It’s the unexamined free market philosophy and the lack of proper government involvement that is the real problem. And, no, that doesn’t mean going to Hugo Chavez style socialism. It means a uniquely American approach which would include public-private partnerships that encourage best practices in business so that companies are strong, profitable, produce safe products, and share the fruits of their profits with employees, who contribute to the corporations’ success. And it would include sensible regulation to control abuses of the system and protect consumers, investors and workers.

That hasn’t happened lately. In fact, as this other article points out, a largely hidden and intractable economic problem has been the long term unemployment of the educated middle class. That’s the problem that has been disguised by artificially low unemployment rates.
An unusually large share of workers have been out a job for more than six months even as overall unemployment has remained low, a little-noted weakness in the labor market that analysts said threatens to intensify the impact of the unfolding economic downturn.

In November, nearly 1.4 million people -- almost one in five of those unemployed -- had been jobless for at least 27 weeks, the juncture when unemployment insurance benefits end for most recipients. That is about twice the level of long-term unemployment before the 2001 recession.

The problem is ensnaring a broader swath of workers than before. Once concentrated among manufacturing workers and those with little work history, education or skills, long-term unemployment is growing most rapidly among white-collar and college-educated workers with long work experience, studies have found, making the problem difficult for policymakers to address even as it grows more urgent.

"What has happened is a polarization of the labor market. It was very strong at the very top and very strong until recently at the bottom," said Lawrence F. Katz, a labor economist at Harvard University. "But in the recent weak recovery, and now recession, demand has been very weak" for jobs in the middle
In many ways, this is a repeat of the economy under Ronald Reagan and the first President Bush. During his campaign for re-election in 1992, President George H. W. Bush kept arguing that the unemployment rate was not high. And it wasn’t, but the employment market was soft and everybody knew that the unemployment statistics weren’t telling the whole story.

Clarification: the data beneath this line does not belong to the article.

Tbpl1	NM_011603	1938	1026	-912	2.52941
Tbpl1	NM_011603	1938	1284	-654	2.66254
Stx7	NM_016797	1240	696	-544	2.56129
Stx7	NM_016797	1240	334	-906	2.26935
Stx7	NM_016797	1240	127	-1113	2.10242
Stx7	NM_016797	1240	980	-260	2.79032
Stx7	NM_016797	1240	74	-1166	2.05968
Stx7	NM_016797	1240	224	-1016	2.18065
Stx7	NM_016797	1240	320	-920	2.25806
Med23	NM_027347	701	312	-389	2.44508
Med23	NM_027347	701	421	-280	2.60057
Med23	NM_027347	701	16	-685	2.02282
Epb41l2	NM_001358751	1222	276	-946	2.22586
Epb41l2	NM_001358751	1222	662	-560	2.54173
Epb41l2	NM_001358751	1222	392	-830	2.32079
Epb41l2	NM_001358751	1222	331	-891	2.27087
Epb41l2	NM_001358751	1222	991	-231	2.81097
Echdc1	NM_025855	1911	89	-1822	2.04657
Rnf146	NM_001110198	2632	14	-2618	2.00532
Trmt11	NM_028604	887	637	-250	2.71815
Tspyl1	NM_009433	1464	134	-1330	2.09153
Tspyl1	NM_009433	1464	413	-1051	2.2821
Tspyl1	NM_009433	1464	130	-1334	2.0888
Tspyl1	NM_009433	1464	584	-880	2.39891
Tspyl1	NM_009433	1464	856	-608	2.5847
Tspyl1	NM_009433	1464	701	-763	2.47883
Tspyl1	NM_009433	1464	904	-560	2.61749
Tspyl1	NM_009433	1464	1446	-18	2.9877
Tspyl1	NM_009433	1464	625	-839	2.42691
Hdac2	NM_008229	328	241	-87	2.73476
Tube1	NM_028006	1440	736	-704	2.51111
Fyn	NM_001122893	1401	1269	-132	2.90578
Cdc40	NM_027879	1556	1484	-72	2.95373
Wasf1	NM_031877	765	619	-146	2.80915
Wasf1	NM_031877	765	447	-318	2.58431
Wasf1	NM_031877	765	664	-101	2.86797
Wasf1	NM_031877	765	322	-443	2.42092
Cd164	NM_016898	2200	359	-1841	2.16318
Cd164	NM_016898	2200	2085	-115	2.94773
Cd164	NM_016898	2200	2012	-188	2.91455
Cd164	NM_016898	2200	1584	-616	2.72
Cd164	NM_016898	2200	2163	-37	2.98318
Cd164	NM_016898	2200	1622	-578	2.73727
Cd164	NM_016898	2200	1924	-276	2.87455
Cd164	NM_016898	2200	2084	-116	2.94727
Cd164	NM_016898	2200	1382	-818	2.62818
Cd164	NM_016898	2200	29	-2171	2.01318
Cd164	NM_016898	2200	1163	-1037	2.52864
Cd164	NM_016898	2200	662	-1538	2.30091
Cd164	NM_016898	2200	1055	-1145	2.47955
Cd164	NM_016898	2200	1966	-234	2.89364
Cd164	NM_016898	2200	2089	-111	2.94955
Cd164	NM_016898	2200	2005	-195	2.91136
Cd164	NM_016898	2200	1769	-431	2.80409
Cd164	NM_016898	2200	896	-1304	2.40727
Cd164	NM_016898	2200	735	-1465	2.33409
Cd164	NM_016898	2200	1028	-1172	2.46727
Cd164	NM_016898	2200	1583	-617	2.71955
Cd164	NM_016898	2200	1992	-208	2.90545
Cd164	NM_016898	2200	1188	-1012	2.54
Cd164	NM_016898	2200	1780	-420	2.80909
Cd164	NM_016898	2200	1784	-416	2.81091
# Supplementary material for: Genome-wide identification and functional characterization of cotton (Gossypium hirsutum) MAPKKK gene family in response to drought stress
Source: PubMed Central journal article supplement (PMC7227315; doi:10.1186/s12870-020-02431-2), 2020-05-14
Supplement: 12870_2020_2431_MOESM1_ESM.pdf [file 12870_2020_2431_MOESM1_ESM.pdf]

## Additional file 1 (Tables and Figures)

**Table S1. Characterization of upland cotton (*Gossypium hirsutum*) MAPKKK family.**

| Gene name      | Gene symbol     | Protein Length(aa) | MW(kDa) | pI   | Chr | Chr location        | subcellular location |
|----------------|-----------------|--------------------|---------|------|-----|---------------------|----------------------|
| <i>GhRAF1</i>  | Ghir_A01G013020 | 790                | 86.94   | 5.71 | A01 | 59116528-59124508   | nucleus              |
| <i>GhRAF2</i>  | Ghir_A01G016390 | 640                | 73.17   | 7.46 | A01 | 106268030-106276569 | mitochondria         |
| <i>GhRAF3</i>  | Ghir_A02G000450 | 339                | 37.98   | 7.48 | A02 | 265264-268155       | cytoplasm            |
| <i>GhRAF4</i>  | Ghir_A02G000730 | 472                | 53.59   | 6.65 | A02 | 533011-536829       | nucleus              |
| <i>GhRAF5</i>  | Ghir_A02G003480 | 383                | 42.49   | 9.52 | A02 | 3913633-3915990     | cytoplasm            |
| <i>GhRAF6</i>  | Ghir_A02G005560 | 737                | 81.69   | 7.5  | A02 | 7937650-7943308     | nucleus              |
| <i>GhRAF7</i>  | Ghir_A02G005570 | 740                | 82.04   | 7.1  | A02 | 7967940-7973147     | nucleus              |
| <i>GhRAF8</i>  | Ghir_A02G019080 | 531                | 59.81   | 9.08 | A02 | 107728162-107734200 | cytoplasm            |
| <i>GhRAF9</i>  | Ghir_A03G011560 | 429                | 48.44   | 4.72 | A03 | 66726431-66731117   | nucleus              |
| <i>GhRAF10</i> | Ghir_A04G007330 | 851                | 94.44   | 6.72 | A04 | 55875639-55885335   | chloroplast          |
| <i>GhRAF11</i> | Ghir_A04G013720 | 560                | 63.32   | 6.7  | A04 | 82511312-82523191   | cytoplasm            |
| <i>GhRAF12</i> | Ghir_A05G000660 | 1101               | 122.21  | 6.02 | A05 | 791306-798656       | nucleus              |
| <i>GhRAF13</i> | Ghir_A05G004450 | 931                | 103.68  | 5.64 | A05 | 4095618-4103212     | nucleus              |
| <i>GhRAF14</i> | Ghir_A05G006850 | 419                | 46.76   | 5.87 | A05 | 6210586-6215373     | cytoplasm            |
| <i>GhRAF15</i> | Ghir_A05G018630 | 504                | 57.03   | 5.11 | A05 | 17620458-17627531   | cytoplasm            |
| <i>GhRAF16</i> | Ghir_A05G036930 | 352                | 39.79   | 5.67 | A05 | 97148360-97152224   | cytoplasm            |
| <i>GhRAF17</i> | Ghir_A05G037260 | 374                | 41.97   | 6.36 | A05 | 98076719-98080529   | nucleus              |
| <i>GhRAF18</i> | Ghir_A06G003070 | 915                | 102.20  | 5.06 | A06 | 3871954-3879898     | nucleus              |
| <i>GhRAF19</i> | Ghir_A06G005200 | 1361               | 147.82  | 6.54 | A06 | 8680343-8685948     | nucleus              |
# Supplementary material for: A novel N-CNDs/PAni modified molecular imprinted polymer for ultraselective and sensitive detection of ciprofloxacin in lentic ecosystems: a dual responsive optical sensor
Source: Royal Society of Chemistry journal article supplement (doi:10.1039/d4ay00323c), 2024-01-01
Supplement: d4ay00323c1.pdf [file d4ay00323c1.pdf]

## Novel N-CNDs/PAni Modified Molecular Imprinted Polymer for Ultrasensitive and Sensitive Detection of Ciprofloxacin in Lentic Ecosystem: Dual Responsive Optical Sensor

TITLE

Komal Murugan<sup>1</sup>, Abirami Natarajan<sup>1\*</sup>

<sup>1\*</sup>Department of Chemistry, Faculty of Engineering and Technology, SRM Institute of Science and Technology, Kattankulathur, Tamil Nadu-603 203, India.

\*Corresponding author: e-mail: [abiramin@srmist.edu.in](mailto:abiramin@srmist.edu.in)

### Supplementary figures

Then, like now, the reason the unemployment rate was so low was that unemployment figures only account for those still eligible for unemployment insurance and those still actively looking for work. Many long term unemployed are no longer on the unemployment insurance lines, and they are no longer searching for jobs. Since they are no longer actively seeking employment, they are not counted in the unemployment rate.

In addition, many workers have slipped into less well paid careers and are under employed. They don’t count in these statistics either. Lots of people who proudly tell statisticians that they are self-employed or are consultants are former computer programmers and other technically skilled professionals whose jobs have been exported. In some cases, their new businesses are lawn care services or other personal care service businesses, or they work part time and no longer have health insurance or pensions. They are the hidden casualties of our economy.
The growth in long-term unemployment has occurred even as displaced workers have taken bigger pay cuts to reenter the job market. A 2004 study found that workers who lost a job in 2001 to 2003 took an average pay cut of 17 percent in their new jobs, more than double the average cut of those displaced in the late 1990s.

"When people are losing good jobs these days, they have a very hard time getting back to the type of job they had before," said Andrew Stettner, deputy director of the National Employment Law Project, an advocacy group that presses for more generous unemployment benefits.

While strong corporate profits, low inflation and record manufacturing output characterized the extended recovery that followed the 2001 recession, some economists call that period of expansion a "CEO's recovery." Real wages were mostly flat, poverty ticked upward and an unusual number of people had a hard time finding work -- a fact masked by relatively low overall unemployment rates.